4. I feel the same. You don't have to commit long term – why not just try it for a couple of months? Report back how it goes, and maybe you'll help others take that faltering first step too!

  5. Your blog has been enjoyable to follow over the years. One thing I've noticed is that you've explored quite a few mental health diagnoses, including Bipolar II, borderline, ADHD, and depression. I've traveled that road, my husband has, and so have many of my friends – and a few family members too. It's infinitely difficult to pursue the correct treatment for you when you're not even sure what you're treating. Many times, psychiatric patients are more educated than their doctors. Psychiatry is an inexact science at best and requires lots of guesswork. Mapping symptoms to disease is subjective. Patients may rotate through many doctors and "labels" for years before finding adequate care.

    Read Marya Hornbacher's Madness if you're ever in the mood for a true-life account of someone like you – a strong, creative professional woman who struggled for years to get the right kind of help. Marya is Bipolar I and is an alcoholic, so in that sense, you two don't have much in common. However, anyone who's been to more than 1-2 psychiatrists in their adult life will be able to relate. I have a pretty severe case of ADHD which was not elucidated until I was pretty far along in my career, preparing to get married, and settled into adult life. I've been reading, with much dismay, that ADHD patients receive false bipolar diagnoses, bipolar patients receive false ADHD diagnoses, borderline patients receive false diagnoses of both, and it just goes on.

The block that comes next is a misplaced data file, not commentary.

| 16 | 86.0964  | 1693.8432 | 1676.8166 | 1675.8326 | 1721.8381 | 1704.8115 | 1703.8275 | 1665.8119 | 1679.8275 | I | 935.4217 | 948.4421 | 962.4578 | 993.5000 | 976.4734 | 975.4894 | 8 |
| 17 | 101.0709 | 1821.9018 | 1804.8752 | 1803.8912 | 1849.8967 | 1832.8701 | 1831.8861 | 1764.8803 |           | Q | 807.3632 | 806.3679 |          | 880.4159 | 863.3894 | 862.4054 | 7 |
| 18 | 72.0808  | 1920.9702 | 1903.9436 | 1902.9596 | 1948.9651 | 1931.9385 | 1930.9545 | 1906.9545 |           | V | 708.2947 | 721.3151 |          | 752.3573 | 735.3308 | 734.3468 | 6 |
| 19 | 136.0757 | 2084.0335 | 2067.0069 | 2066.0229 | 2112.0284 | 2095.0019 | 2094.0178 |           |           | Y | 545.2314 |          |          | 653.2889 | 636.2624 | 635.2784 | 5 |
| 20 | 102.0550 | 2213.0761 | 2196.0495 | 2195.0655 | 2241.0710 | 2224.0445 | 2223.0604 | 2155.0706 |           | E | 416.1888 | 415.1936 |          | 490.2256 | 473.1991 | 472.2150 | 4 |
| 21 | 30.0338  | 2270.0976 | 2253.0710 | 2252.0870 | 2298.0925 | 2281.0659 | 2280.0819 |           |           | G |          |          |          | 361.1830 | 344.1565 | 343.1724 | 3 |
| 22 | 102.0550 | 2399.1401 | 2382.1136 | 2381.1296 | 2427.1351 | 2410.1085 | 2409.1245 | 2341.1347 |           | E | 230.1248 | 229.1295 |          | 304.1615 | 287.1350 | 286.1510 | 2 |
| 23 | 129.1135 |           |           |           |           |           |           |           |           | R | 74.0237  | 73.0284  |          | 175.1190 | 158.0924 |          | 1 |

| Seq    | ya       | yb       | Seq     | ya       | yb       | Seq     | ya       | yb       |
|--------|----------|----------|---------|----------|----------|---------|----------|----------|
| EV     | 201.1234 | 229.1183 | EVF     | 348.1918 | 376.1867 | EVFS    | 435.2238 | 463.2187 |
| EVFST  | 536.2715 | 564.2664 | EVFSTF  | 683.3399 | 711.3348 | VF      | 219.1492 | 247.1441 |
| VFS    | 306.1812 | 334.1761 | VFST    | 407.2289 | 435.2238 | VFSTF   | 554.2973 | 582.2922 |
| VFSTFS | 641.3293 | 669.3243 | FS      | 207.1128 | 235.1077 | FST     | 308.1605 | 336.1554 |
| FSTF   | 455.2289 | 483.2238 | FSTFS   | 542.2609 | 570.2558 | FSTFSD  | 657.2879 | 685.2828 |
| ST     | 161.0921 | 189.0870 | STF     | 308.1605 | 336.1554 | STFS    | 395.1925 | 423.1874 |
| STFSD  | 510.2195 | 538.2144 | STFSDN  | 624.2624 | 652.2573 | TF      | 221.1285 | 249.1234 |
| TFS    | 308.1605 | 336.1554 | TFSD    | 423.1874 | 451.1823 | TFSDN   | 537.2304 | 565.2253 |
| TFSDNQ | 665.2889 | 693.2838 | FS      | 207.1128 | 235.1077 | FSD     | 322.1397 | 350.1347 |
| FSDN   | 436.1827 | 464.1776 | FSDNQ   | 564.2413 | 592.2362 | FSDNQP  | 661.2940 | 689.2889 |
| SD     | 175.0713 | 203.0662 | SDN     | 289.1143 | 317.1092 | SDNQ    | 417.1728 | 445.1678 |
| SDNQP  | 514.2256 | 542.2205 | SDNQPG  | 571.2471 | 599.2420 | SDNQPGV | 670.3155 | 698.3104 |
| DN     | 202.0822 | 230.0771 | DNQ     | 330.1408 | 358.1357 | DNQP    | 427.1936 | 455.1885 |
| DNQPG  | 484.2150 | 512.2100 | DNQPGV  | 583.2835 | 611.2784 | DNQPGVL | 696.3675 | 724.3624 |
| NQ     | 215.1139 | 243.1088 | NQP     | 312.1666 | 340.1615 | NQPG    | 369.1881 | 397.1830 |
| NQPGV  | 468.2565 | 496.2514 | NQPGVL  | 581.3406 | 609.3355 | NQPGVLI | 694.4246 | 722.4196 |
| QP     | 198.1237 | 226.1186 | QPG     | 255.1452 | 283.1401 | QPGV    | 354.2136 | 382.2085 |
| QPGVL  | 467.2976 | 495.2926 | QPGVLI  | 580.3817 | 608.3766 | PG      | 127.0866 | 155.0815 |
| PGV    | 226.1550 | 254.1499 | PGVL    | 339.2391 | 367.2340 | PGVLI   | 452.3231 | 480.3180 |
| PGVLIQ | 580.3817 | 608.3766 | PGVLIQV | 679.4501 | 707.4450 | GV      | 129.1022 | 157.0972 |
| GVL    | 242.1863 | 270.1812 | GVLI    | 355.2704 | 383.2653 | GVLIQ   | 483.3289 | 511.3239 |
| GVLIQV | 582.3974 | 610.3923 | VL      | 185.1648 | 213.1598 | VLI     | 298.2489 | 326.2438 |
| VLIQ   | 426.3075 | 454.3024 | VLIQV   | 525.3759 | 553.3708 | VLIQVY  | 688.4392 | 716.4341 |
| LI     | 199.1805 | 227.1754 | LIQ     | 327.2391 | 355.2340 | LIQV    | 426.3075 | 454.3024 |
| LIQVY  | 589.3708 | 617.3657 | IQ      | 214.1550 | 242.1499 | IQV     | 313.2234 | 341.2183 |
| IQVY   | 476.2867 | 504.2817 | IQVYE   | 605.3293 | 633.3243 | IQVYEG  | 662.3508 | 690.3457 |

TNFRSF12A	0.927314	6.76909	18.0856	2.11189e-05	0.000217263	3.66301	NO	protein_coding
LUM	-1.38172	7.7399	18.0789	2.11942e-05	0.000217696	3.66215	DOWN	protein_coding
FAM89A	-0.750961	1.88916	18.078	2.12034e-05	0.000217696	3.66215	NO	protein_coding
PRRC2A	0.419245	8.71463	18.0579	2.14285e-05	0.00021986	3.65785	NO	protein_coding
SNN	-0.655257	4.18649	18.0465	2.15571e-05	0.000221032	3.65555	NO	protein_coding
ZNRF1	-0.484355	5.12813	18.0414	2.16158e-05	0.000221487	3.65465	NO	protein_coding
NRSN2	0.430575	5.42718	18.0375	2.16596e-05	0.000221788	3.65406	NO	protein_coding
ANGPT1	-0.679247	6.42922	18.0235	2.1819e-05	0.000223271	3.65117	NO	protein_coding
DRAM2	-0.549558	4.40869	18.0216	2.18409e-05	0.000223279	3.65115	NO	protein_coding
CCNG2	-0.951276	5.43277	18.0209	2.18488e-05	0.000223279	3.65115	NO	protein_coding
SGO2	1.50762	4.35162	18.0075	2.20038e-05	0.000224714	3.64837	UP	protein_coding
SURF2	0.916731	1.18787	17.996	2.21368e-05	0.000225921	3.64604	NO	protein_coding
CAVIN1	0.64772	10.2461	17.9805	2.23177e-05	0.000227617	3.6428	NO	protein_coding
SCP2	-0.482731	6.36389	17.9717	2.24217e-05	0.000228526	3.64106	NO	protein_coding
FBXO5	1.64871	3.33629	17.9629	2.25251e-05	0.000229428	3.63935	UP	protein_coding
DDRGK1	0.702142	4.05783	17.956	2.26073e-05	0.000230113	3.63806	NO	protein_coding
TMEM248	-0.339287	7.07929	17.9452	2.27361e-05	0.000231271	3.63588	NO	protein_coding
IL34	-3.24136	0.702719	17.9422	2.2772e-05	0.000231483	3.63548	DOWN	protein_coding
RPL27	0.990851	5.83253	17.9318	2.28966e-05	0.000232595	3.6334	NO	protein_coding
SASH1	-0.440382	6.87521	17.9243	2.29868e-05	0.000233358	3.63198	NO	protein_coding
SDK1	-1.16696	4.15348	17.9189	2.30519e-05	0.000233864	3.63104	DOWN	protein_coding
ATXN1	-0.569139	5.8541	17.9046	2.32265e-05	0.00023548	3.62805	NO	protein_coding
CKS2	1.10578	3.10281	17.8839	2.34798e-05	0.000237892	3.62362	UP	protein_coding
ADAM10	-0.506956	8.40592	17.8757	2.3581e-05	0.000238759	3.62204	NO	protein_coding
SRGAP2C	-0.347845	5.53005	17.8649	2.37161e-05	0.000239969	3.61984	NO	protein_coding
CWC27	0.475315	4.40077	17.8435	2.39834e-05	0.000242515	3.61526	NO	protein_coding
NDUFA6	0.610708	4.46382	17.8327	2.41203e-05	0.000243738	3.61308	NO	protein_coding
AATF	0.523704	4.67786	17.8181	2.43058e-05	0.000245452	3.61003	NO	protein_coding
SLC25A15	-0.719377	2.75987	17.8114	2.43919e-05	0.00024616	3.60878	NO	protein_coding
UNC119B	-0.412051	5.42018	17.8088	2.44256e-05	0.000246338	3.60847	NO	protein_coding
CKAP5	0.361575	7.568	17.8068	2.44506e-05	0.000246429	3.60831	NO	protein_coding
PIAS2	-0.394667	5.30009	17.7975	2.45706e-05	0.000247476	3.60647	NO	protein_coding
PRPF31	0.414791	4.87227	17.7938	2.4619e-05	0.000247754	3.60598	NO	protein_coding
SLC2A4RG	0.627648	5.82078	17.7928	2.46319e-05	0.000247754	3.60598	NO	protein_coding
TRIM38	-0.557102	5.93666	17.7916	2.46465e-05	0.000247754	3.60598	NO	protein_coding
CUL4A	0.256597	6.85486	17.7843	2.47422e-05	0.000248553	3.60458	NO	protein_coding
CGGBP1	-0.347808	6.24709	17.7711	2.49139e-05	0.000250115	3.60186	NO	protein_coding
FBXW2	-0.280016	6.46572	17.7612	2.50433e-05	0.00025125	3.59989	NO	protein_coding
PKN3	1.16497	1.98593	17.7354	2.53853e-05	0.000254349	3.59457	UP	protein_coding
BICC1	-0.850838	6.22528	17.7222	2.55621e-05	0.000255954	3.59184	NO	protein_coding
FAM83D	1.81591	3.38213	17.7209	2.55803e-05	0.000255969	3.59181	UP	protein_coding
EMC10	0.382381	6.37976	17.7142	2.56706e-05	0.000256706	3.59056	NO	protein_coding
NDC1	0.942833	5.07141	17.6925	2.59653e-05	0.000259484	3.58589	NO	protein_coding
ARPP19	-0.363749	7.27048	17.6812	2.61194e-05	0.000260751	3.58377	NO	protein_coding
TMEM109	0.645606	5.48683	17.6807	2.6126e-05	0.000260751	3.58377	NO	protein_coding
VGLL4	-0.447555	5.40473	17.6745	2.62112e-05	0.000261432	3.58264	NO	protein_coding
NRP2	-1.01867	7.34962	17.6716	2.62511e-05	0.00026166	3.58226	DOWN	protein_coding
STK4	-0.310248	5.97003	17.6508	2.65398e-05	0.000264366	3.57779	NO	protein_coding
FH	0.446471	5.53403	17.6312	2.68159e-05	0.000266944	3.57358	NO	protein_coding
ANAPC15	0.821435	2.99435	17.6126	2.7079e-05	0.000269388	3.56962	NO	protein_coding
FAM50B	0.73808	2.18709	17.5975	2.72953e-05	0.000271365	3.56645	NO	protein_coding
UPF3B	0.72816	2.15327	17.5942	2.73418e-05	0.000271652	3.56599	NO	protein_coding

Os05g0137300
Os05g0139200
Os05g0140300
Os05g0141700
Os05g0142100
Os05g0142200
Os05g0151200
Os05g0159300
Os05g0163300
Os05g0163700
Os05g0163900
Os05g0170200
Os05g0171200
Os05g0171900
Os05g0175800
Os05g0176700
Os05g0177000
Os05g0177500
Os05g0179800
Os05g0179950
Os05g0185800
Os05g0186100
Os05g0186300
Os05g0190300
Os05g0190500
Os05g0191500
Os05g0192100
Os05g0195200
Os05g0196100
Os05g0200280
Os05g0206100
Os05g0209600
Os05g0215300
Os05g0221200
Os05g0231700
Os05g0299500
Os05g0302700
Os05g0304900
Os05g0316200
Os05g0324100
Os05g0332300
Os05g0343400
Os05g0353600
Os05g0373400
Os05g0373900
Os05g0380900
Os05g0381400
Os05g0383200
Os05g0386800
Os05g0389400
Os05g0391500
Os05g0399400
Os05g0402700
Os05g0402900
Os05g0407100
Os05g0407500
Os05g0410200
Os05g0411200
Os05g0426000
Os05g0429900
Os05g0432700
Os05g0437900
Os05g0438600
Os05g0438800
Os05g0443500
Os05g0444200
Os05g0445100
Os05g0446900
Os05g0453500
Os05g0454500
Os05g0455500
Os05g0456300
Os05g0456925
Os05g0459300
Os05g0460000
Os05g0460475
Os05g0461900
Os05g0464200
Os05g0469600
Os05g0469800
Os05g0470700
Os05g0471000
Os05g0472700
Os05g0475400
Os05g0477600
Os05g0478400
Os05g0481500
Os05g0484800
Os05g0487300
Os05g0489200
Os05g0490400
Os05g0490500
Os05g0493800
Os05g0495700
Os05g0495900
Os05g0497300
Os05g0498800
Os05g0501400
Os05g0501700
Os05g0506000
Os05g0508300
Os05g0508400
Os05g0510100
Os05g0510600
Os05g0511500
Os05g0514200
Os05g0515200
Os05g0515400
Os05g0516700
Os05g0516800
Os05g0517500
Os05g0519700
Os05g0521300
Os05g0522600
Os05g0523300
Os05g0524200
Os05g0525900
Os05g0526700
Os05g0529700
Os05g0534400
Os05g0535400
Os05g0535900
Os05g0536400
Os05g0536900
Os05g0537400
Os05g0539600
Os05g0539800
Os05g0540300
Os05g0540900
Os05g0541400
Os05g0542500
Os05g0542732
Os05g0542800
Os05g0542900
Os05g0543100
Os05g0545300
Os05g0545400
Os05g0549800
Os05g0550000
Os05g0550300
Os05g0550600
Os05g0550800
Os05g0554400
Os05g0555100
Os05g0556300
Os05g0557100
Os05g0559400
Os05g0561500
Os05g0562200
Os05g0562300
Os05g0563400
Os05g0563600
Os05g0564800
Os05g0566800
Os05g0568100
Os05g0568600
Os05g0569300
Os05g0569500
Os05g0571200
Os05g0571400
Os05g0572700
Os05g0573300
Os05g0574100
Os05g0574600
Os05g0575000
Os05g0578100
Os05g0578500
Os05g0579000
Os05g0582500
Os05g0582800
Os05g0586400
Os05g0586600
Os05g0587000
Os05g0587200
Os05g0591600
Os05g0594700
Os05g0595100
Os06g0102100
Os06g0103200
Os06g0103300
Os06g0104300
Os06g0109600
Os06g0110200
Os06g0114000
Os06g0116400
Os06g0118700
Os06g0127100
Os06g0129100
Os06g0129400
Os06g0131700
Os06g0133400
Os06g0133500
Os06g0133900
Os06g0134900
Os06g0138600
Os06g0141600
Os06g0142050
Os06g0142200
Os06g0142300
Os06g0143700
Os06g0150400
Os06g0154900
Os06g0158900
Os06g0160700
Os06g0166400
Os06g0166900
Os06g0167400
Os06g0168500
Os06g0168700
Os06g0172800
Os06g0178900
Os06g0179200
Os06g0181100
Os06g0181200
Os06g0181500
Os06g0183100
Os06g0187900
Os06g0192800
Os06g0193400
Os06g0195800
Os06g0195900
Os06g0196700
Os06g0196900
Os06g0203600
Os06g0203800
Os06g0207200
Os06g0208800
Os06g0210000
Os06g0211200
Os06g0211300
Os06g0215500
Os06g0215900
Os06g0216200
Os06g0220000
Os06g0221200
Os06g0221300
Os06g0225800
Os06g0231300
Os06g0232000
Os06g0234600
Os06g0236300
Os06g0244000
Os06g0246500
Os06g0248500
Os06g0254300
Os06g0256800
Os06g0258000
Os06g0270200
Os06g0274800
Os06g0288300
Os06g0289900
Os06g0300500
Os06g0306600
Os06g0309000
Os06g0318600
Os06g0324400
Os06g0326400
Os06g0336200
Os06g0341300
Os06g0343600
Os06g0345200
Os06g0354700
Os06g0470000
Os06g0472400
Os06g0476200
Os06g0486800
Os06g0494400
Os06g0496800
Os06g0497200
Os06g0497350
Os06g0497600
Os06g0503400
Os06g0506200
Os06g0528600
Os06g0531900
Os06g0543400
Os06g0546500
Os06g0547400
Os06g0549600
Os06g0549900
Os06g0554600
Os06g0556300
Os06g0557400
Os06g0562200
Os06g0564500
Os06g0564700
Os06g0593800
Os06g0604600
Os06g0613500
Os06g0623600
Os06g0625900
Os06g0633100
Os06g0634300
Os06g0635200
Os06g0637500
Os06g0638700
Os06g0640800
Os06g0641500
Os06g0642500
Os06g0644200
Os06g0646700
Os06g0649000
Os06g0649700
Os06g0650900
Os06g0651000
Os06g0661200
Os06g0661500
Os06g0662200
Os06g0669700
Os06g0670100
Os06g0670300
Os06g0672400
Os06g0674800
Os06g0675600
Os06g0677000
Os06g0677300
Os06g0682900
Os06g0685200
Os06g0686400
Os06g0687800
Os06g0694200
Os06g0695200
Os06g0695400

So here's what I'd suggest if you don't want to spend a fortune on mental health help, but do want an effective and enduring means of treatment. First, call your insurance company and have them help you find a psychiatrist who's known for evaluating their patients rigorously. Spend some money up front to get tested and get a concrete diagnosis. That person can then either treat you or refer you to a doctor who will manage your meds. Regardless of what you wind up on, you will only need to see the med doc once a month. If you wind up on SSRIs or other non-scheduled medication, you may be able to see that doctor every 2-3 months for med checks.

    Then, spend some time searching for a counselor who is really skilled at talk therapy. Good talk therapists and inexpensive talk therapists are NOT mutually exclusive, and San Francisco is a liberal city with some generous programs, from what I hear. Look into the local universities, as well as sliding-scale clinics and women's health centers like Planned Parenthood. Even my small city offers at least 3-4 low-cost clinics with excellent counselors. Depending on your diagnosis, you may need CBT, dialectical behavioral therapy, classical Freudian analysis – that is something you and your doctor will need to explore. But I think if you lay it out on the line with your meds doctor that you need a lower-cost counseling solution, s/he will work with you and that counselor to develop a treatment plan that works for you and is impeccably customized to your needs.

    I'm rooting for you, and I hope you'll update us as to how it's working out!